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  What Was Christ's Crucifixion Like?

This week's question is not for the young or for those with queasy stomachs: what was the crucifixion of Jesus like?

I am indebted to an article in the Journal of the Medical Association of the State of Alabama by Dr. Truman Davis on the physiological descriptions of a crucifixion.

Before the crucifixion Jesus was scourged. Now a scourge is only remotely like a whip of our movies. Although it looked like a whip, at the end of it were twelve thongs with lead balls, bits of bone, and stones attached. Jesus was sentenced to 40 lashes.

Dr. Davis describes the scourging: "Preparations . . . are carried out. The prisoner is stripped of his clothing and his hands tied to a post above his head. The Roman legionnaire steps forward with [the scourge].... The heavy whip is brought down with full force again and again across Jesus's shoulders, back, and legs [thirteen stripes across each shoulder, and thirteen across his back and legs]. At first the heavy thongs cut through the skin only. Then, as the blows continue, they cut deeper into the... tissues, producing first an oozing of blood from the capillaries and veins of the skin, and finally spurting arterial bleeding from vessels in the underlying muscles. The small balls of lead [bone, and stones] first produce large, deep bruises which are broken open by subsequent blows. Finally the skin of the back is hanging in long ribbons and the entire area is an unrecognizable mass of torn, bleeding tissue. When it determined by the centurion in charge that the prisoner is near death [or the sentence is carried out], the beating is stopped." Many weaker men died under the scourge, but Jesus was strong enough not only to survive, but to carry the 110 pound crossbar of the cross (the patibulum) some distance towards the site of his death.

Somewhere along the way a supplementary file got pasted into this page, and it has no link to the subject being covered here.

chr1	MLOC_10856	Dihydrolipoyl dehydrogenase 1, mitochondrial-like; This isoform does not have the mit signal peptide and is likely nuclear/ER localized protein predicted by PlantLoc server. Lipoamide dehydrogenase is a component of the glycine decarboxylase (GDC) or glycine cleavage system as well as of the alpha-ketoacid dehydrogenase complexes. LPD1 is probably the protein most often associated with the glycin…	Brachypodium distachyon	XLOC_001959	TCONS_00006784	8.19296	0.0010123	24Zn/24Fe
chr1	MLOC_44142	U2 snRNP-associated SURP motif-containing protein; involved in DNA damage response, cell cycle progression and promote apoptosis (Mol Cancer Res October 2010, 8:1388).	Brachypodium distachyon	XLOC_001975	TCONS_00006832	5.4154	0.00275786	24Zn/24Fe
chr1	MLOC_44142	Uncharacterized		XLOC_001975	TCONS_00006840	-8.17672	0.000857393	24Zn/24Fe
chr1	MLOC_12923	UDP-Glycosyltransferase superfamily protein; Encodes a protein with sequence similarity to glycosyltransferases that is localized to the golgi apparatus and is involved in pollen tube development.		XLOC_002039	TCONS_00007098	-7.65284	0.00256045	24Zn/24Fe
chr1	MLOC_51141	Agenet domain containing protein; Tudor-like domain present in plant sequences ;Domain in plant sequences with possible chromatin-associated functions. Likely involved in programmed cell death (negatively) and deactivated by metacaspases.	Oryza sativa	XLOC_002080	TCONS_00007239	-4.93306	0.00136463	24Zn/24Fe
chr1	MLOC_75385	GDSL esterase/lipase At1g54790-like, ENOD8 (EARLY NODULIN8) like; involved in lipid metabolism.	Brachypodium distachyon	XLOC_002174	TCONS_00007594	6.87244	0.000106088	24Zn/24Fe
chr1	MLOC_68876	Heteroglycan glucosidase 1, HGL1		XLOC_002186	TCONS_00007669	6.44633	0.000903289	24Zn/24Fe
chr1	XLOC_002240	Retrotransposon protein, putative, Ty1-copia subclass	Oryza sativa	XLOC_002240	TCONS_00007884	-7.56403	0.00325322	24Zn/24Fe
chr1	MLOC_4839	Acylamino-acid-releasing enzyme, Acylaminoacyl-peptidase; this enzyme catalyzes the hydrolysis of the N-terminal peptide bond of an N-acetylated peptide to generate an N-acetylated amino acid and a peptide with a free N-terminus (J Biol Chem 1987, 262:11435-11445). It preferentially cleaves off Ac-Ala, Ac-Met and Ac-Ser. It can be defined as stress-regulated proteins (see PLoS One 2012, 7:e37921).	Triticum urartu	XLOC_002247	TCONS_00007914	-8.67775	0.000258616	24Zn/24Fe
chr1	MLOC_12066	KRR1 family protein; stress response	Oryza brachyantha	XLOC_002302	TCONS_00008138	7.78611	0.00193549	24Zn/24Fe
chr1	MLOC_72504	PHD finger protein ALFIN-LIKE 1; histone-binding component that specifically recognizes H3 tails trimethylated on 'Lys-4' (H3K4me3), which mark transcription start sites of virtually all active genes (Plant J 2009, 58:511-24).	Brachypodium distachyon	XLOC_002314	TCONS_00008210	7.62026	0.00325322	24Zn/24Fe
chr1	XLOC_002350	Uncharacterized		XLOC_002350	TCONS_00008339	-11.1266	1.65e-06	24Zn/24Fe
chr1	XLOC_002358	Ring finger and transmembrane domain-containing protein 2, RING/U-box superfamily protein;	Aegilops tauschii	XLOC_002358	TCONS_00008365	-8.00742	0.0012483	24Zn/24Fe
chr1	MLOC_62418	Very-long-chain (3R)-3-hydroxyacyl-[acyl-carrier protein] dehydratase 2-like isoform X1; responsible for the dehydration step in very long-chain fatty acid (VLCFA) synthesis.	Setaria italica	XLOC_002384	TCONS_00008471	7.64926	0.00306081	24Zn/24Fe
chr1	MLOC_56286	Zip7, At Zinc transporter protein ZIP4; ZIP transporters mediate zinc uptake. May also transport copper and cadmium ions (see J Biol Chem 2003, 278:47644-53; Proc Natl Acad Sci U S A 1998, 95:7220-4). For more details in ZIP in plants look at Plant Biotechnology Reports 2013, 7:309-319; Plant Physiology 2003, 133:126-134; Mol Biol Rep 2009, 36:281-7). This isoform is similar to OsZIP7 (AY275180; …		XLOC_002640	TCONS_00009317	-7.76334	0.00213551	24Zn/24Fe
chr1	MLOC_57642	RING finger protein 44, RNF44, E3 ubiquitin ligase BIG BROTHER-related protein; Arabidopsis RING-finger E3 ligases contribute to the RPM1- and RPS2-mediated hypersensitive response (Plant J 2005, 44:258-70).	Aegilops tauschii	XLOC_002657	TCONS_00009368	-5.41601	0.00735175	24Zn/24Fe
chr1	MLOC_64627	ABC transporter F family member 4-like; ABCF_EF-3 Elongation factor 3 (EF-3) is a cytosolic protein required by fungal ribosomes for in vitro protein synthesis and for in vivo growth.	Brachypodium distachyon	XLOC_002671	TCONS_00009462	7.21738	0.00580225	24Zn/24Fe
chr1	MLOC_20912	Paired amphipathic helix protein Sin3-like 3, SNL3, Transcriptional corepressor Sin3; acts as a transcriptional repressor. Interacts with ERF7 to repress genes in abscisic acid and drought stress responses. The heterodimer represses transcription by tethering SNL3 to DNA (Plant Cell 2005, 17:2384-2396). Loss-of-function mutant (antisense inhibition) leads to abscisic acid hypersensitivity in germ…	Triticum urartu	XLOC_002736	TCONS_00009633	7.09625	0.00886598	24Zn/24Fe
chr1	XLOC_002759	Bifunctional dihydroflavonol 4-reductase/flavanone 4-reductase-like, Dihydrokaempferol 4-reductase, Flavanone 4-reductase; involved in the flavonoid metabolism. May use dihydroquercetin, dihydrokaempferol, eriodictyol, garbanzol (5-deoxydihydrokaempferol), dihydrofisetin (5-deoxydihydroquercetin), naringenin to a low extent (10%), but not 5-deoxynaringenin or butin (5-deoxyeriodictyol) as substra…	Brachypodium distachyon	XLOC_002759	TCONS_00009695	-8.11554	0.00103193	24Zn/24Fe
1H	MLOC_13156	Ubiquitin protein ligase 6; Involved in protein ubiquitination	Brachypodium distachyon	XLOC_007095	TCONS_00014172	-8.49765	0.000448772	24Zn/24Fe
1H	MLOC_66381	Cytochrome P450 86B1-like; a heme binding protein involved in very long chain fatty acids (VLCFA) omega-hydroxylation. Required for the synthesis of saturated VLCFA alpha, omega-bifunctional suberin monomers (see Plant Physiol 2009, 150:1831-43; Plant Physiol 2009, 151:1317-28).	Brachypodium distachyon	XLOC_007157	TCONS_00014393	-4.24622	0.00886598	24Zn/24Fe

Crucifixion itself is a gruesome deed. All but those of Jewish descent in the Roman Empire were required to be crucified naked, but early negotiations allowed Jews to wear a loin cloth. But the pain and the humiliation of the crucifixion begins even before the first nail is driven.

"The prisoner is hurled to the ground and a Roman soldier puts his foot in the armpit of Jesus. Grasping the limp arm, it is compressed and then yanked with such force the shoulder is dislocated and the prisoner is helpless to fight the soldier as he readies the spikes. The operation is repeated for the other arm and for each leg. Jesus is left totally helpless and in agony as the soldier takes his wrist and deftly drives a spike through it to the cross bar. The Roman legionnaires who drove the executionary spikes were such experts that they drove the spikes through the cartilage of the wrists with nearly no blood loss. Finally Jesus is attached to the cross, each arm spiked and his feet nailed together with his legs flexed slightly. The cross was lifted and it slid into its waiting hole with a resounding thud that jarred Jesus' body with a jerk. His sagging body pulls down on the nails in his wrists and he pushes up to relieve the pressure, but now the pressure is on his nailed feet."

According to Dr. Davis, as the arms become fatigued, great waves of cramps swept over the body and Jesus was unable to pull himself upward. The diaphragm muscles became paralyzed and air could be admitted into the lungs, but could not be expelled. Fighting for breath, Jesus forced himself up for tiny bites of air. Finally carbon dioxide would fill the lungs and the bloodstream causing the cramps to subside. Jesus could then pull himself up to gasp a few life-sustaining breaths of oxygen, but as the oxygen entered the bloodstream the cycle of cramps would begin again.

As the end drew near, the heart struggled to pump the thickened blood of the dehydrated Jesus and fluids began to fill the chest, constricting the already overworked heart. It is this fluid that escaped when the legionnaire speared Jesus' side. A few moments later Jesus died from shock, dehydration, and heart failure.

Obviously, crucifixion is a ghastly sentence of death both to describe and to endure. As Good Friday and Easter Sunday approach, may we remember the tenacity of Jesus, his strength in life and death, and his mission of love, peace, and unity for the world.

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